Charlotte's Web Thoughts
Charlotte's Web Thoughts
Francis: The Pope of LGBTQ Compassion

Francis: The Pope of LGBTQ Compassion

Yet another powerful move toward acceptance.
(image credit: Andrew Medichini // Associated Press)

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This morning, Pope Francis formally approved new guidance that allows priests to offer blessings to same-sex couples, an enormous step forward in welcoming LGBTQ families into the Catholic Church.

There will be no shortage of critical takes on this, both from conservatives who feel it’s a betrayal of Scripture (it is not) and progressives who believe it doesn’t go far enough, the latter of which would be similar to finding suitable water in the middle of a desert and whining that it doesn’t come with ice.

To be clear, this in no way changes the Catholic Church’s steadfast position that marriage is a sacrament between a man and a woman. In fact, the Pope took great pains to emphasize that such blessings cannot be offered liturgically or otherwise take place within the typical ceremonial parameters for a marriage or a civil union.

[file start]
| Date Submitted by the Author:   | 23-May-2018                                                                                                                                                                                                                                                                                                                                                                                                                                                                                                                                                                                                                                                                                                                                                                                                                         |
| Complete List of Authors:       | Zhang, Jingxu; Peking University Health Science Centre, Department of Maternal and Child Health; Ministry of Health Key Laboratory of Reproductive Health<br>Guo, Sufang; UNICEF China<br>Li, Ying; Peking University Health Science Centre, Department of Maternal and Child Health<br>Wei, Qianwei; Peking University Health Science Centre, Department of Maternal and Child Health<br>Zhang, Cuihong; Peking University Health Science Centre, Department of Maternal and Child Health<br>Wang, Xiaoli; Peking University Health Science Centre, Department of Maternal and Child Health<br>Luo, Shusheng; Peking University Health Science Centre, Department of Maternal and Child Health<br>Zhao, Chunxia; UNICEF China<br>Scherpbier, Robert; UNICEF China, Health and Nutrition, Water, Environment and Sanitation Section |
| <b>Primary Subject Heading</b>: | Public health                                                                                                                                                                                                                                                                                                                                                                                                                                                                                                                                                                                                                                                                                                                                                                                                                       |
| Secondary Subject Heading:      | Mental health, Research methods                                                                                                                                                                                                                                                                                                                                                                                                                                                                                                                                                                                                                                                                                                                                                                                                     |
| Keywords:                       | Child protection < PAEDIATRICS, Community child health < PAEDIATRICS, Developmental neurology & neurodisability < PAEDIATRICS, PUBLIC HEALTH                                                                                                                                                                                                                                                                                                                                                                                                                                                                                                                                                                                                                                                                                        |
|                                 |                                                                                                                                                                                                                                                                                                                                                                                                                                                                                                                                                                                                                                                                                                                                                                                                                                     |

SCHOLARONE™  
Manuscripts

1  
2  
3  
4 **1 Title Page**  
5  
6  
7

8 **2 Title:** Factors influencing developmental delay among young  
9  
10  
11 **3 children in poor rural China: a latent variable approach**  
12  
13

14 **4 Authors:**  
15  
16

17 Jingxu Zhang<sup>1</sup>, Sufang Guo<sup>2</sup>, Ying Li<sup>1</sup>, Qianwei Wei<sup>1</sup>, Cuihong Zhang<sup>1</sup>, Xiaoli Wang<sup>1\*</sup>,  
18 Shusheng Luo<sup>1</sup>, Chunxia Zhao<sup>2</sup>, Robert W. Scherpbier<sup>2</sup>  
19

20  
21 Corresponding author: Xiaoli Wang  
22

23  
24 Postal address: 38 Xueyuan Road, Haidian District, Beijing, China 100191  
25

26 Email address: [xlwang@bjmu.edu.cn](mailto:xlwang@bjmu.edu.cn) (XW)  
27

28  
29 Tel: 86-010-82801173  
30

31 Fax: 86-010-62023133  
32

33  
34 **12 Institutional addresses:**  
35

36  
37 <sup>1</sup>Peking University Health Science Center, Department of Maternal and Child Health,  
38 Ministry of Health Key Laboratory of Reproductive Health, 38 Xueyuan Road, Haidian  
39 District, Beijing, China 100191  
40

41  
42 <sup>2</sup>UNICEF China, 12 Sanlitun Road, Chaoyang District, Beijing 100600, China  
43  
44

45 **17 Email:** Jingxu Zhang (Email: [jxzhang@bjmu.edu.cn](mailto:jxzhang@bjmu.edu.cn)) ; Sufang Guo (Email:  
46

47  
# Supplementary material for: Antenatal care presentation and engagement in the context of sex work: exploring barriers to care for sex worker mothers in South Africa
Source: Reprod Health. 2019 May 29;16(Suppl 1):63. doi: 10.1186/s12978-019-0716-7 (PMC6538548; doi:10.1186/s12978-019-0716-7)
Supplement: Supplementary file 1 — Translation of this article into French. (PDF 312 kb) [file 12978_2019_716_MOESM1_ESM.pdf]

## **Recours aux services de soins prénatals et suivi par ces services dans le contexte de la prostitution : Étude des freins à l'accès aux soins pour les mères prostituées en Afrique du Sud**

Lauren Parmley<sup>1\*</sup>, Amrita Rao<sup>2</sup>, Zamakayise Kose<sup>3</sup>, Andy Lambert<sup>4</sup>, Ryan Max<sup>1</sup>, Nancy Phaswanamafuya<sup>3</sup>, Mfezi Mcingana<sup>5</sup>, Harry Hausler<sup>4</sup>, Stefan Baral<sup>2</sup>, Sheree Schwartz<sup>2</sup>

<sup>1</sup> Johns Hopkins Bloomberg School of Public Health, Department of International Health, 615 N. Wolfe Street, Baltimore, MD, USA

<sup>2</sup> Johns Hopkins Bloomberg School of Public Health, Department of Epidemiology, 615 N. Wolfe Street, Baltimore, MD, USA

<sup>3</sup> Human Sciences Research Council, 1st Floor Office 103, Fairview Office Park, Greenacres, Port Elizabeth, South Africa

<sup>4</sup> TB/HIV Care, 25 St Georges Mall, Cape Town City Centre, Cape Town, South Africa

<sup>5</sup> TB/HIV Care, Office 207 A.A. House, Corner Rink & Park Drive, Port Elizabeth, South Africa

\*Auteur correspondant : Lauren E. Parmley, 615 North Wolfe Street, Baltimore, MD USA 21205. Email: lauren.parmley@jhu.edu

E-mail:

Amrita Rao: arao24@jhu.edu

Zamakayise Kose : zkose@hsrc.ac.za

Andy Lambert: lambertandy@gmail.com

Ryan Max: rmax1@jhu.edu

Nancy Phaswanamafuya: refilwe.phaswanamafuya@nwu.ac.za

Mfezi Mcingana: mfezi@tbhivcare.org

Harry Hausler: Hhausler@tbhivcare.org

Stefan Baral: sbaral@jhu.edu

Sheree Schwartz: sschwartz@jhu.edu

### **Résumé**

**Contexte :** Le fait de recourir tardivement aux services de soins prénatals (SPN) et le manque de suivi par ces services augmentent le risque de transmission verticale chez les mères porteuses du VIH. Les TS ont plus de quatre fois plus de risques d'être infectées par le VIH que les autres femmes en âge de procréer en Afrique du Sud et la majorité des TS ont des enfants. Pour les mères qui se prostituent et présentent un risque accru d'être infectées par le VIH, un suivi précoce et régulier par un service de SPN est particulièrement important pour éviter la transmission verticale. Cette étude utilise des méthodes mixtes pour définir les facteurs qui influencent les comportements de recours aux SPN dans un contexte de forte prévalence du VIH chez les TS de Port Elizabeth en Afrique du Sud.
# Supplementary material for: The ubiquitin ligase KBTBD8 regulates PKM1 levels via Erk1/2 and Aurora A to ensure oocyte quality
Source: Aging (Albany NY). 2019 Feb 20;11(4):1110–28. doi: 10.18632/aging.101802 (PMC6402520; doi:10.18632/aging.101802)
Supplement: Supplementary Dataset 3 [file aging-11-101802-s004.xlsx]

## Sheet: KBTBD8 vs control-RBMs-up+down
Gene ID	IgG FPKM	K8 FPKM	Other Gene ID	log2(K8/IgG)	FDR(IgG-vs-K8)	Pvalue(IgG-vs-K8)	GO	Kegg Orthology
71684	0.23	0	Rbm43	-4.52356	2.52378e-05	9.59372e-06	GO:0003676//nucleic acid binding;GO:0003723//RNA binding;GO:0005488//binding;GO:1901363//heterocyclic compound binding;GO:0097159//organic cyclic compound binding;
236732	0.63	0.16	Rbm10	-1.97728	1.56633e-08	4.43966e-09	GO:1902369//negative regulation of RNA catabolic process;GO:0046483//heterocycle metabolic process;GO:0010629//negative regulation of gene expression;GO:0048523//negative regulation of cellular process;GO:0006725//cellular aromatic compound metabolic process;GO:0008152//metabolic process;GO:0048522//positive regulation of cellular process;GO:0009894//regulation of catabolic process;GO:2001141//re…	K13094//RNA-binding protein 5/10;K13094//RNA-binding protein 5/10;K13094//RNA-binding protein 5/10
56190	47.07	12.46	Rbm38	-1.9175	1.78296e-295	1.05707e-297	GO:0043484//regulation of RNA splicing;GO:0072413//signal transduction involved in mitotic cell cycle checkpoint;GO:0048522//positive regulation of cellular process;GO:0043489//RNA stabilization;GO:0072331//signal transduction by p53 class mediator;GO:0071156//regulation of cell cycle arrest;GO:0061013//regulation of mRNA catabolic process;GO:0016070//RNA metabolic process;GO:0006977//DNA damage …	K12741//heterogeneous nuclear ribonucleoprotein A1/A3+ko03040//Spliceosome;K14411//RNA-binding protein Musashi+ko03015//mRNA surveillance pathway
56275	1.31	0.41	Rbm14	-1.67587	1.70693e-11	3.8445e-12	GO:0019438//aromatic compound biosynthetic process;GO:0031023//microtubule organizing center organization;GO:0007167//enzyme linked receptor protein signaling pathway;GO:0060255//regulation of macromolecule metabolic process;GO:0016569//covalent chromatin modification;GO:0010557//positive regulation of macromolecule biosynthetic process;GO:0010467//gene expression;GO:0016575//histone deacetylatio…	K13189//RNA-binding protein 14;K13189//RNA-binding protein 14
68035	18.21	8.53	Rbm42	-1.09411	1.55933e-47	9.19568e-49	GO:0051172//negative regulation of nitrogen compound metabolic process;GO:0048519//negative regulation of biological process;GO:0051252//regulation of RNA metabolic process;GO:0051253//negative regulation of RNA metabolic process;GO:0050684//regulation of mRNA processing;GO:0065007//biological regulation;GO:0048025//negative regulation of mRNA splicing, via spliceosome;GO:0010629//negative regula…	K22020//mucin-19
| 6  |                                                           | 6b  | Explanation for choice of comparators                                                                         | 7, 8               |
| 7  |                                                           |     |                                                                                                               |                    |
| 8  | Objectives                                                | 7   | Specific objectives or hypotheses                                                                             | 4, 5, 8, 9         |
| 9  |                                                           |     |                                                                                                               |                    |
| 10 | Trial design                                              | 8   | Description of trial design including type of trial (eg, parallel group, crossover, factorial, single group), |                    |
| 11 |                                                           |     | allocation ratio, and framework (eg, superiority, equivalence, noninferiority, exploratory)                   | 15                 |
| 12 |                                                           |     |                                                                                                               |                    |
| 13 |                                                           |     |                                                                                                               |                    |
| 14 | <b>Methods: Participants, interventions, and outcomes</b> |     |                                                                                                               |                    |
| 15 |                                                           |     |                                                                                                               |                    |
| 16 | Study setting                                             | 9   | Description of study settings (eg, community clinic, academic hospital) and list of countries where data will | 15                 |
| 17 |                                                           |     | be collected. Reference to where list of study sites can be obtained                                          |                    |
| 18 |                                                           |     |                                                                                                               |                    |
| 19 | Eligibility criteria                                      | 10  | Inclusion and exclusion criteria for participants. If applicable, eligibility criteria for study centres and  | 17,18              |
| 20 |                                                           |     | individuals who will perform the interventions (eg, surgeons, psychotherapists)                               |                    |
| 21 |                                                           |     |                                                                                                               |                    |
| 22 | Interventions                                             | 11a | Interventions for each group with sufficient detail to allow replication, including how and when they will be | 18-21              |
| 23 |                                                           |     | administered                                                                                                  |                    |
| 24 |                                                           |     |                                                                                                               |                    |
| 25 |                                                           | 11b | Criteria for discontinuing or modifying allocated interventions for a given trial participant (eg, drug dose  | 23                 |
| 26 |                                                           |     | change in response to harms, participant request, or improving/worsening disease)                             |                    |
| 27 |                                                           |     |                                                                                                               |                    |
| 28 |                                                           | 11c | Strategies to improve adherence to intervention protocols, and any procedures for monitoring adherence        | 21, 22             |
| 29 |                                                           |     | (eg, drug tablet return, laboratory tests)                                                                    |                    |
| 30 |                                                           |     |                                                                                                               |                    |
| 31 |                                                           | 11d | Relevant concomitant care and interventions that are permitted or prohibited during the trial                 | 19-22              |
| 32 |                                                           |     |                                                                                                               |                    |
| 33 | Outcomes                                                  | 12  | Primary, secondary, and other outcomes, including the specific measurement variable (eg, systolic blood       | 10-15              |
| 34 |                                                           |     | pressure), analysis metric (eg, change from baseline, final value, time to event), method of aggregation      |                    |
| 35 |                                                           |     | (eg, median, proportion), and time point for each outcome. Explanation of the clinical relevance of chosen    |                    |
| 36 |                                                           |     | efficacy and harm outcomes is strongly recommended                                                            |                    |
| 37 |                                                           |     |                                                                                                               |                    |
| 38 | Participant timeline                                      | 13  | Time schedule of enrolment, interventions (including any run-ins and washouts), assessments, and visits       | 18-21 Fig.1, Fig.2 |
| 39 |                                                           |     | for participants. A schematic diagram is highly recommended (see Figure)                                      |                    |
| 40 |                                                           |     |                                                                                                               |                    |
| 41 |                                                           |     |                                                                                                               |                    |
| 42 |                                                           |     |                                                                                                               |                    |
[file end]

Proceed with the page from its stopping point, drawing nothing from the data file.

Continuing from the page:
Without going into much detail, here’s the long and short of it: Francis is essentially permitting priests to be more encouraging to LGBTQ couples in their joint walk with God, albeit without specifically endorsing that path.

You’ve heard of same-sex weddings in which anti-LGBTQ relatives show up to offer their support to the happy couple, despite their own stated misgivings over same-sex marriages?

This is basically the Vatican’s policy version of that. Well… maybe it’s more like the relative attending the reception with a gift and warm words after skipping the nuptials on principle.

(Yes, that does happen, believe it or not.)

And sure, if we leave it at that oversimplification, without any context, I can see how some would be unimpressed and even offended.

But I want to encourage folks to observe this monumental sign of progress within the long arc of the Vatican’s notorious history of hostility toward the queer community.

Pope Francis, rather than follow his predecessors’ strategy of broadly shaming and demonizing LGBTQ people, has spent his tenure trying a different approach, one that, yes, doesn’t depart from the Vatican’s anti-LGBTQ scriptural interpretations on big questions (marriage, sex, etc.) but does encourages love and understanding toward queer people.